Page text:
Learn the history and meanings behind the colorful flags around Topsail Island.
Have you ever noticed the colorful flags flying above the beaches of Topsail Island? If you have, you might have wondered who is behind them or what they mean. If you have not, you should pay attention — they are important indicators of the safety of Topsail’s glittering oceans.
Although the local towns of Topsail Beach and Surf City implemented the flag program in recent years (North Topsail Beach does not fly the flags), the use of flags to foretell ocean conditions dates back decades, used in one form or another the world over.
In 2002 the International Life Saving Federation (ILS) based in Leuven, Belgium, developed a set of guidelines for warning flags to help foster worldwide cohesion. Although colors, symbols and shapes may still vary from country to country due to expense, cultural norms about colors and patterns or language differences, Surf City’s flag system adheres to the standards of the system outlined by the ILS. The system was also adopted by the United States Lifesaving Association (USLA), a nonprofit association of beach lifeguards and open-water rescuers.
So what do the different flags mean? Although the ILS system outlines nine different flags, you might see four on the local beaches.
Red – A single red, rectangular flag indicates a strong hazard is present and it is recommended to stay out of the ocean, although it is only the second most critical alert.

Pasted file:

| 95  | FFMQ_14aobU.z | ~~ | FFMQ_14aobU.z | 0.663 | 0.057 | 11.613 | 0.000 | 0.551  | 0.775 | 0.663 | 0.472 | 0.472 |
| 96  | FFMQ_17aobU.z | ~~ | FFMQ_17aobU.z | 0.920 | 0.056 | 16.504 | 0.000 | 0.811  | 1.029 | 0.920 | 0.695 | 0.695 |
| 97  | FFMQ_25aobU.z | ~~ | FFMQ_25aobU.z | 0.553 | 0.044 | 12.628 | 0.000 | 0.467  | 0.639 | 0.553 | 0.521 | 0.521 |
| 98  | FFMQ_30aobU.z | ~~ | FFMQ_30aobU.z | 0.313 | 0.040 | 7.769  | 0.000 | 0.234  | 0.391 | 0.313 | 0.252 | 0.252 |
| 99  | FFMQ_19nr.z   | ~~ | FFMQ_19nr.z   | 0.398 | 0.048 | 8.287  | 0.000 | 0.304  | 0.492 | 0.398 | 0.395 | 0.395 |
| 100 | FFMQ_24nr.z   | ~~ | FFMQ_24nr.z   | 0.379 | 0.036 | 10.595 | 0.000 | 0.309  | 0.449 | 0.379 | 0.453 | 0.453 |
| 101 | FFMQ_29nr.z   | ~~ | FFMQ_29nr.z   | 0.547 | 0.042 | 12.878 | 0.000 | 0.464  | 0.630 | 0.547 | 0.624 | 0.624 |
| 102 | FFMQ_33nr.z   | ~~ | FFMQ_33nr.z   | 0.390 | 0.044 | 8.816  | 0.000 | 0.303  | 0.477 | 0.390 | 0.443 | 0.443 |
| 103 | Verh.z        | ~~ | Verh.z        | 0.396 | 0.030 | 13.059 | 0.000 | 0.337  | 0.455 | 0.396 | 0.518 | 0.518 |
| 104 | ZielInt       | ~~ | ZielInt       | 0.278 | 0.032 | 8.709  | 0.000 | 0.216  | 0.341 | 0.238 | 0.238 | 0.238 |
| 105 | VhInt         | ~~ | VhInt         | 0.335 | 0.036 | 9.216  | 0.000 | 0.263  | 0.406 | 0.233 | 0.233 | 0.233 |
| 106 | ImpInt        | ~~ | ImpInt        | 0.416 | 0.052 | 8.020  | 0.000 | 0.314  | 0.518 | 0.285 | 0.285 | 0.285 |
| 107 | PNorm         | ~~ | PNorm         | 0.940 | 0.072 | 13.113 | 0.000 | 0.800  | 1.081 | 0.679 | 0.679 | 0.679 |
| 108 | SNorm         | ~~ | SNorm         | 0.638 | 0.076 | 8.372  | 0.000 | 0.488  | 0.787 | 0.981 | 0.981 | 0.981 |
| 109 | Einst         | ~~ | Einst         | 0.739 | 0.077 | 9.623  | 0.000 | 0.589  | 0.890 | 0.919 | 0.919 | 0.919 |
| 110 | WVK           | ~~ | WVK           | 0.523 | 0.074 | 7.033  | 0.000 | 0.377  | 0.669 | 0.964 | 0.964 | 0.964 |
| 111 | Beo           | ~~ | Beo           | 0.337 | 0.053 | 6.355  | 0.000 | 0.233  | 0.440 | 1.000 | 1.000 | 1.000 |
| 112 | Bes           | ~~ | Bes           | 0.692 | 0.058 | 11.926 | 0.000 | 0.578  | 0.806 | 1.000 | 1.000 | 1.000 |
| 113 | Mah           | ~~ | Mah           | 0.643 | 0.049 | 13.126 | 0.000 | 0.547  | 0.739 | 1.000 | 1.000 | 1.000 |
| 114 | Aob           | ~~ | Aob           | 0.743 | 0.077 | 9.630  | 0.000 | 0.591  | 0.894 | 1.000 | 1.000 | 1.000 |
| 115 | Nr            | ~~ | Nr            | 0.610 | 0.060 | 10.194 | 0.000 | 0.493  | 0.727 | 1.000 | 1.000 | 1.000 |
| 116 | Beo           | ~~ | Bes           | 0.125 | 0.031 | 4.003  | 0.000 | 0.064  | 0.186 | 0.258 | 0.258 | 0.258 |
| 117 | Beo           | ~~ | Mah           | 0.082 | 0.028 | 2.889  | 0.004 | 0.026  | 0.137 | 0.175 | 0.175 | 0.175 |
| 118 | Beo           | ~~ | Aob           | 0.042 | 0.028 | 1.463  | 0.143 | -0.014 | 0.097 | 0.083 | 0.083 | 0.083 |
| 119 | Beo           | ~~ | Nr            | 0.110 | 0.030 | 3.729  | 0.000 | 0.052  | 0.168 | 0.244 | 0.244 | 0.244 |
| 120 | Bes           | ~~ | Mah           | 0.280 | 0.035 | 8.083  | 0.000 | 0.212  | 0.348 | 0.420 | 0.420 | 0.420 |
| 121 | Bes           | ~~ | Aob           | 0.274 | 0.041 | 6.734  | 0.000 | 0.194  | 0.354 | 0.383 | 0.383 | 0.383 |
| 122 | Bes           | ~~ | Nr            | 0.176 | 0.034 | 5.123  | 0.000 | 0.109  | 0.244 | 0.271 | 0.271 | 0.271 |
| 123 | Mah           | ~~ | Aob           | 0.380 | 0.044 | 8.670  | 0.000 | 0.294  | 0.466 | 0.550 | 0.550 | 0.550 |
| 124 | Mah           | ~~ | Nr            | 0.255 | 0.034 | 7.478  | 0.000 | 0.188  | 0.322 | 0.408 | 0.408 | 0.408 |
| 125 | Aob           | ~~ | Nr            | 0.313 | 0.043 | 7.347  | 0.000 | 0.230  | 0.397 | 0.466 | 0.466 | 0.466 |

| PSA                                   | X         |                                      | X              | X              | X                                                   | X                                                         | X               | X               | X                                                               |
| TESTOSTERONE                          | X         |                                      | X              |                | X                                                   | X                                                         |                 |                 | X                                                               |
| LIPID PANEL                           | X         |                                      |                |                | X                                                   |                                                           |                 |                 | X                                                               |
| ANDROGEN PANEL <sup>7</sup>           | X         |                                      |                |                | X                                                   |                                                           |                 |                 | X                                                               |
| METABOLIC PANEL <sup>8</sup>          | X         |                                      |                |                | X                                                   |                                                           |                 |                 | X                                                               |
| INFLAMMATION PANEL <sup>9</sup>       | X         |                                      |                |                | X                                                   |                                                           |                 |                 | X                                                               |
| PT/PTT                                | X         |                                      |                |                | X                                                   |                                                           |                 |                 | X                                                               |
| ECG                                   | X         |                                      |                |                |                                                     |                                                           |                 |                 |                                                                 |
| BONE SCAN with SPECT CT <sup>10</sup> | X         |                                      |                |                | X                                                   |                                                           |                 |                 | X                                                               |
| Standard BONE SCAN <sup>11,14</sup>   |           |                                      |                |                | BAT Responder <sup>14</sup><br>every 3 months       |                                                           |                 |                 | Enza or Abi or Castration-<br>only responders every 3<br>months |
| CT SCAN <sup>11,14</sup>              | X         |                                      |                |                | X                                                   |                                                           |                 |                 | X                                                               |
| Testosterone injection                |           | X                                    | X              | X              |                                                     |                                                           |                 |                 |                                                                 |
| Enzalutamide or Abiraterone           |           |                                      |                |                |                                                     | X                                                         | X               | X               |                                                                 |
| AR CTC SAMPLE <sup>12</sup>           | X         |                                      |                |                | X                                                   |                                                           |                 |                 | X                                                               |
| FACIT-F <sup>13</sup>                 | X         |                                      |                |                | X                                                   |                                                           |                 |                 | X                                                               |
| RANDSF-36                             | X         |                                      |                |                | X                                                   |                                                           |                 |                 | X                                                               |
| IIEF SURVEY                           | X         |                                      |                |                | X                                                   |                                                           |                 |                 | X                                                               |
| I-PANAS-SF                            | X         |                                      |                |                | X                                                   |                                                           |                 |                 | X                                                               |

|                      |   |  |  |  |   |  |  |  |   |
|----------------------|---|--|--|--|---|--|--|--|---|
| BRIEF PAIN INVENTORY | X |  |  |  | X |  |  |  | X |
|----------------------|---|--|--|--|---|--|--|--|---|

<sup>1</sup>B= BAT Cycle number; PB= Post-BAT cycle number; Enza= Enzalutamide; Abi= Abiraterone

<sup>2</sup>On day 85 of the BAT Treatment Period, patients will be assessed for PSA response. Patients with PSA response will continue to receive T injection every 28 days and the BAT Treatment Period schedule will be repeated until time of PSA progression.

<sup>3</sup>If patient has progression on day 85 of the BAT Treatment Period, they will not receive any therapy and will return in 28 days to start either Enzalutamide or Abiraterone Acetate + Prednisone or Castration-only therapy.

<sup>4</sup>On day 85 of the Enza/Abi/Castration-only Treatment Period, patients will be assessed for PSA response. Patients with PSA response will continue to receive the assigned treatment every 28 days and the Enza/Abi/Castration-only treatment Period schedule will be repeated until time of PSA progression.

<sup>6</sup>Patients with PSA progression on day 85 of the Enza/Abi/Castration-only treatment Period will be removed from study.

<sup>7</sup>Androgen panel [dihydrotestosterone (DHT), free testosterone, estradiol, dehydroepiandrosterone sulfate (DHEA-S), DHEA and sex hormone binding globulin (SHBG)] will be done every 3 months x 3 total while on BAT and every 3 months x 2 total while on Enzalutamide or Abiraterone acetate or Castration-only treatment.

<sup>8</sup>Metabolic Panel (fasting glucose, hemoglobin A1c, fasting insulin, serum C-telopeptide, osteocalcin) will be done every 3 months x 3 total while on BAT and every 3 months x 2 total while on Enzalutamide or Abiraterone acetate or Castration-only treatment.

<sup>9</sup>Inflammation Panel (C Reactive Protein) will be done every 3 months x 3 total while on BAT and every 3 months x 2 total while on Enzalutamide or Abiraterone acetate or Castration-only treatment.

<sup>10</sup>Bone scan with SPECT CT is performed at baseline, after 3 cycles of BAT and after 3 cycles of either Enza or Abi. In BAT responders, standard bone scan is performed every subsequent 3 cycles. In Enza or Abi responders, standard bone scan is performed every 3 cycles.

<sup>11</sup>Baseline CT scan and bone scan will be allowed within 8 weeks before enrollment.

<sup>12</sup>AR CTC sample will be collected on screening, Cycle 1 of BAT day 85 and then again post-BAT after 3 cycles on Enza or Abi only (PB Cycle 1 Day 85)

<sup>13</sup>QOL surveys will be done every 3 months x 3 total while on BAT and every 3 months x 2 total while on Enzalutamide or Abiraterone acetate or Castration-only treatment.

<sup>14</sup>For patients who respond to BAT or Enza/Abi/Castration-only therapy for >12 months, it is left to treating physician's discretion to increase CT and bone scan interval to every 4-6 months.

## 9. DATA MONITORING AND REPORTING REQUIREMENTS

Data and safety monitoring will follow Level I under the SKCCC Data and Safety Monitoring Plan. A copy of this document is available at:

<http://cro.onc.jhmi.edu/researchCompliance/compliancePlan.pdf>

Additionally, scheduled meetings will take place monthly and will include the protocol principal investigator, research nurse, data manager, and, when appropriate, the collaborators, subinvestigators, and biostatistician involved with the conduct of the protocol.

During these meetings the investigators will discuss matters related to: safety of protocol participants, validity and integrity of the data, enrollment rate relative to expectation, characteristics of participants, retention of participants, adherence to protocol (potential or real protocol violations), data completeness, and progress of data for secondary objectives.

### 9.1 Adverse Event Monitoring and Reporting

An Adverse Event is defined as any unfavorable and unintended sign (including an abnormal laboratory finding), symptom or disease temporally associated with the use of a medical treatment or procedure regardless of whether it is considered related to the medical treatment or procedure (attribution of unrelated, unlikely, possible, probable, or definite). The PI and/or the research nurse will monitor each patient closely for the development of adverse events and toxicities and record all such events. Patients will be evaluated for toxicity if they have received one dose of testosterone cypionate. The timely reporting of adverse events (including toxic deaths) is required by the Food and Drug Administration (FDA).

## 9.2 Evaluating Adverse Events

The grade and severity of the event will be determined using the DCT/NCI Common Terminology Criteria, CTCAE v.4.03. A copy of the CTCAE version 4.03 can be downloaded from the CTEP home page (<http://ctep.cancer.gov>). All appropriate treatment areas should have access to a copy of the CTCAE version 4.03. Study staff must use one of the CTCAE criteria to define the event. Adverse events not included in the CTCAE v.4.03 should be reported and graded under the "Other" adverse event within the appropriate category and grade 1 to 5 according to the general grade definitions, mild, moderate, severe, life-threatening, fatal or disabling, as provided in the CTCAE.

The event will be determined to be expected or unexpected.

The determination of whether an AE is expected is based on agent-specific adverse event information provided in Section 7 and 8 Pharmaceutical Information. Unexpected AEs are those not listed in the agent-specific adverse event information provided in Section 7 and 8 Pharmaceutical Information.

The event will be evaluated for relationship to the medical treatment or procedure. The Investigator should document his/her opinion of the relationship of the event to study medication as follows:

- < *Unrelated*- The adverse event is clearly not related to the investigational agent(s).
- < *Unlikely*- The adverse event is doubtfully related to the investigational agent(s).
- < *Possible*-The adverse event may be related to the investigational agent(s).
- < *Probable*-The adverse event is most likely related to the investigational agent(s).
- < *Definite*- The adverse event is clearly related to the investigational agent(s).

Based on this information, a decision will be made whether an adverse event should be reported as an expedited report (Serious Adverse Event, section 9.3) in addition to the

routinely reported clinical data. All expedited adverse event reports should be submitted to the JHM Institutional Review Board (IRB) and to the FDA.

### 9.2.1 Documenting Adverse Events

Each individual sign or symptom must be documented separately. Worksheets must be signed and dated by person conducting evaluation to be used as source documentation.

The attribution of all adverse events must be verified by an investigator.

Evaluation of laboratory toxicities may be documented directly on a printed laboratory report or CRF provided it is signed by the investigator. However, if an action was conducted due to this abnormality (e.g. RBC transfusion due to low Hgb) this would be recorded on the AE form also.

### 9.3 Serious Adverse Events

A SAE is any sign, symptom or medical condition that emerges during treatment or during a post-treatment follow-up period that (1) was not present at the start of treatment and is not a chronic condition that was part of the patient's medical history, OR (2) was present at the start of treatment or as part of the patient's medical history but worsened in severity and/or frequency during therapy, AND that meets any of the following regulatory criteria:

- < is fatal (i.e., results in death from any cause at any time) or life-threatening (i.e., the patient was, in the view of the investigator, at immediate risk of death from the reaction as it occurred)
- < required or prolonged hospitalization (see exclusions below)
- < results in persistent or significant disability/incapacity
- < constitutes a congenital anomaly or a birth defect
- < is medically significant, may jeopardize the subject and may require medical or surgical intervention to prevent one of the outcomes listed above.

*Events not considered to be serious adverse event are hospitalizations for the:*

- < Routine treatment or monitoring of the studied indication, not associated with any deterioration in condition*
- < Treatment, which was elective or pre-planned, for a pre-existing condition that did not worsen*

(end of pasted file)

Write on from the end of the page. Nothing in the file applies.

Double Red – Double red flags (one stacked on top of the other) are the strongest warning, and the public should remain out of the water. Furthermore, rescue attempts may not be possible due to the hazardous conditions.
Yellow – When yellow, rectangular flags are flying, conditions — while not at the maximum level of danger — are not ideal for swimming, and everyone should use caution while in the ocean.
Purple – If you see purple rectangles, take heed. While the currents may not be an issue, it is an indication that dangerous marine life such as jellyfish or stingrays may be present.
To help make this important daily decision, local officials analyze a combination of factors including wind direction, wind speed and tidal ranges, all of which are important indicators of current conditions. If conditions change during the day, the flag color may also change.
Since both red (a standard color usually associated with danger) and yellow (used to indicate caution) are both employed in the flag system, you might be wondering why there are no green flags utilized by the ILS or the USLA. When working to create the set of universal standards, the ILS determined that when it comes to the perpetually changing and often-unpredictable ocean, it was better to focus on clear communication of the conditions present at any given moment, rather than suggesting it is ever 100 percent safe to swim in the ocean.
It is important to note, however, that Topsail Beach will occasionally fly a green flag when it is entirely safe to swim in the ocean, but officials there say it is rare for them to fly green flags.
Should you need a refresher on the different flag colors and their various meanings, metal signs are on display at accesses and walkways to the beach. And remember that an absence of flags does not mean that there is no hazard present. Swimmers should always proceed with caution. And, as always, in case of an emergency, one should always dial 911.
The next time you decide to spend time on the beautiful shores of Topsail Beach or Surf City, make sure to check out the flags flying that day. And remember, they are subject to change given any variances in conditions.
In case you do happen to encounter a rare day when you cannot go swimming, there are plenty of other exciting things to check out in the area. This fall in Topsail, there are so many beautiful days ahead — be sure to get out there and make the most of them and remember, there is no wrong way to spend time in this little slice of North Carolina paradise.